All of that said, the over 100-year-old company has lived through difficult times before and it's highly likely it will do so this time as well. There are already signs of progress, including gaining market share in eight of its nine core segments during the mot recent quarter. In fiscal year 2017, it only gained share in two of those segments. And while sluggish results in its North American Retail division (its largest segment) led revenue to fall short of expectations in the quarter, sales were higher throughout the rest of the company. Input costs, meanwhile, will eventually be worked through to customers -- it will just take some time.   

All in, it looks like short-term investors are overreacting to issues that will eventually pass. Long-term investors, though, can collect a fat dividend for decades to come by acting now.

Winning through retailing's next phase

Demitri Kalogeropoulos (Walmart): I have no idea how people will be spending their time two, three, or five decades from today. But I'd be willing to bet that the consumers of the future will do plenty of shopping -- and that they'll be motivated by convenience and value. From that perspective, it makes sense to bet that industry giant Walmart will still be a major competitive force in 2068.

The retailing titan recently announced some of its fastest growth in years, with sales at existing locations spiking nearly 5% in the core U.S. segment. But the even better news for investors, I think, is Walmart's success at improving the shopping experience at both its physical locations and its e-commerce branch. After shedding market share to Kroger for years, for example, the company credited booming grocery sales for supporting its robust customer traffic last quarter. Digital revenue jumped as it blanketed more of the country with its quick home delivery offerings.

Walmart is still spending tons of cash on its transition into a multichannel retailer that sells to people everywhere they are (online and off) and that shift is likely to crimp profitability over the short term and perhaps into the long term, too. But if the latest earnings updates are any indication, consumers like taking care of their shopping through many sales channels, and Walmart has all the competitive assets it needs to satisfy those demands over its next half-century of existence.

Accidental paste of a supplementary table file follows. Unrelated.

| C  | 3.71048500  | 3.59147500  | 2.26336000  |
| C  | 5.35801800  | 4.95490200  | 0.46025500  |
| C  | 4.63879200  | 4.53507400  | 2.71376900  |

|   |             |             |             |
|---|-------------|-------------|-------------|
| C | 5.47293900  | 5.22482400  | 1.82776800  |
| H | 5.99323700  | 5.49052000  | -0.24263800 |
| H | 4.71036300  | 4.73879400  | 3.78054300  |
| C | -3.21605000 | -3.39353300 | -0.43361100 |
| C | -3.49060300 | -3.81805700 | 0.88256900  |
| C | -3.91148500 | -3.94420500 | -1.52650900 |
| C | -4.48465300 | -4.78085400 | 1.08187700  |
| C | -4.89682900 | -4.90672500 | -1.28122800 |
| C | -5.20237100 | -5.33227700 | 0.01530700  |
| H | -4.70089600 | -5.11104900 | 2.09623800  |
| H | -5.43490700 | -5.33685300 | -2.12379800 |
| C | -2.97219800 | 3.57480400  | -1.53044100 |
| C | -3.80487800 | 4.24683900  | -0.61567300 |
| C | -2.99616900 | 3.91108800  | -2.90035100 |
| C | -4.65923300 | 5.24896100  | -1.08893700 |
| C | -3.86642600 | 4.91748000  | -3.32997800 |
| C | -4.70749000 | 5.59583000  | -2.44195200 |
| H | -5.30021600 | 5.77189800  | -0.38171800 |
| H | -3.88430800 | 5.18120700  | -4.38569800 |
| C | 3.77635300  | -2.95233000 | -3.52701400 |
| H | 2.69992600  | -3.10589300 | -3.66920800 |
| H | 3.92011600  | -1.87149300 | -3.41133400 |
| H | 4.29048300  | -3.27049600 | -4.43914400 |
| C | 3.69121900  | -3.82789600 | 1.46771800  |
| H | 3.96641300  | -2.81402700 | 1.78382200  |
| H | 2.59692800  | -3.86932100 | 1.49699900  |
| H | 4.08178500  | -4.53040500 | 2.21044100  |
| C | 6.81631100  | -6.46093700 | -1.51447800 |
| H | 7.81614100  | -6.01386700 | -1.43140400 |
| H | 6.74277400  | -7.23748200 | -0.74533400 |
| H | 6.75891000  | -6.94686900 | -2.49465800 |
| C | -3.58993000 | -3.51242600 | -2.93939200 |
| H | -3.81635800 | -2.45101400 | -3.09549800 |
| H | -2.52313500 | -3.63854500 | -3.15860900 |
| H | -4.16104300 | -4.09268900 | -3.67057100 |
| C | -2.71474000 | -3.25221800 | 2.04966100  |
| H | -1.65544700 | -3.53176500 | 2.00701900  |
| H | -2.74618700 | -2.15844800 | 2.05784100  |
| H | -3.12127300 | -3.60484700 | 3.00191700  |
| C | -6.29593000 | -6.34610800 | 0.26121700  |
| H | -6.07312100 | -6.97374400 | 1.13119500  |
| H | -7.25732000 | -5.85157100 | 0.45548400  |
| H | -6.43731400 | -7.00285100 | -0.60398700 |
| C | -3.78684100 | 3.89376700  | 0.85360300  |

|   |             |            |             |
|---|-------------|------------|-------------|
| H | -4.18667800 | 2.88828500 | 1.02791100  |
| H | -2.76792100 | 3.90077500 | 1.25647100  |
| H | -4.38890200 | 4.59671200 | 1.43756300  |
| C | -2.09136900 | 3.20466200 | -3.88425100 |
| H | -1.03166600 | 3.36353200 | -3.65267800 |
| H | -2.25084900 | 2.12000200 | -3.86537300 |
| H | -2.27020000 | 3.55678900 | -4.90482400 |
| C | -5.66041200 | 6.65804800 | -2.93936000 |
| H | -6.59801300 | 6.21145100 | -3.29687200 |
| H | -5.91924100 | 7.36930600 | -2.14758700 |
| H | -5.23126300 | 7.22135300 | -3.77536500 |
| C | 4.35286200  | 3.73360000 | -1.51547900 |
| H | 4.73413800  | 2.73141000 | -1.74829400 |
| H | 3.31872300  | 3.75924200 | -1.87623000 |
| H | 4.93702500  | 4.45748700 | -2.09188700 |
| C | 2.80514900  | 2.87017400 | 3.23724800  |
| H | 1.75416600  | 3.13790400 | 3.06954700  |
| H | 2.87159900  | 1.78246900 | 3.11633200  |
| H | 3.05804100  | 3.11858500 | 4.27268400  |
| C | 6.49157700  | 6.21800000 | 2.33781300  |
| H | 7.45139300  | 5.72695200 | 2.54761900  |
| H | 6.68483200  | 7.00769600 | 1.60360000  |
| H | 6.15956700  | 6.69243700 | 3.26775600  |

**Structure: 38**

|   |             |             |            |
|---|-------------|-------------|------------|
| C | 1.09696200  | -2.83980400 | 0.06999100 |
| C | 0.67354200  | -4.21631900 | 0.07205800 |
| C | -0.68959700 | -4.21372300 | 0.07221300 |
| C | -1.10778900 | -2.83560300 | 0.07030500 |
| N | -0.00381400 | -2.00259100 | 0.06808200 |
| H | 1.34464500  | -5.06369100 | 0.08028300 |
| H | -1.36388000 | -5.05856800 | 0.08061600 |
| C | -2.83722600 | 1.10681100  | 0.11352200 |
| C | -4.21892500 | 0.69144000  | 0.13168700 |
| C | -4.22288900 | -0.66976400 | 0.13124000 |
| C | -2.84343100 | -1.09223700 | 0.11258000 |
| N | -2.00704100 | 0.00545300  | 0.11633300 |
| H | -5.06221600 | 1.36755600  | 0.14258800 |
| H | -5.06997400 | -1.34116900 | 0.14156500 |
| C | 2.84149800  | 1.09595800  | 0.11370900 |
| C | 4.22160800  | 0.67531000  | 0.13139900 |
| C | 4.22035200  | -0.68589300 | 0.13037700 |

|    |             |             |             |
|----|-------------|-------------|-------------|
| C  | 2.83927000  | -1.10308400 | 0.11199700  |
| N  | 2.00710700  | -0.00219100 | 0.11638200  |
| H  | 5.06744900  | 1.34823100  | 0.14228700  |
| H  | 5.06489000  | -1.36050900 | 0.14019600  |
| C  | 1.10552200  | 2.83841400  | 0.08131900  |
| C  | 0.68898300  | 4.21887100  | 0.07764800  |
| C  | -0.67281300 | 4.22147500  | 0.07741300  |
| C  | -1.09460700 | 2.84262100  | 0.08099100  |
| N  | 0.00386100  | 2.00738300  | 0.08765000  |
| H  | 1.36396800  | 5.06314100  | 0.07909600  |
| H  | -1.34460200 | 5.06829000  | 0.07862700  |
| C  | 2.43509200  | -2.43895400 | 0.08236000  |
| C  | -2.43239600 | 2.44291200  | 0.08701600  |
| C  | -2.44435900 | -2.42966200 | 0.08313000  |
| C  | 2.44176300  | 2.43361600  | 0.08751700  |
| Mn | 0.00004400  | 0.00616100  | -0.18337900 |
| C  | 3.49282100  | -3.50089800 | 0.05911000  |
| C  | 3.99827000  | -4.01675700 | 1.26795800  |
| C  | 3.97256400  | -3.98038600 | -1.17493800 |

Stick with the leaders for the long term

Fifty years is a very long time and you don't want to trust your hard-earned savings to just any company. That's why this trio of industry leaders should be high up on your wish list if you are looking for some buy-and-hold candidates today. Alphabet basically owns the search market and has a dominant position in streaming video. General Mills, while facing headwinds today, is a leading packaged foods maker that has adjusted to tough times before in its over 100-year history. And, after falling behind at first, Walmart is making up for lost ground in the online retail space while still holding a dominant position in the physical world. All three of these stocks are worth a deep dive today.

This article represents the opinion of the writer, who may disagree with the “official” recommendation position of a Motley Fool premium advisory service. We’re motley! Questioning an investing thesis -- even one of our own -- helps us all think critically about investing and make decisions that help us become smarter, happier, and richer.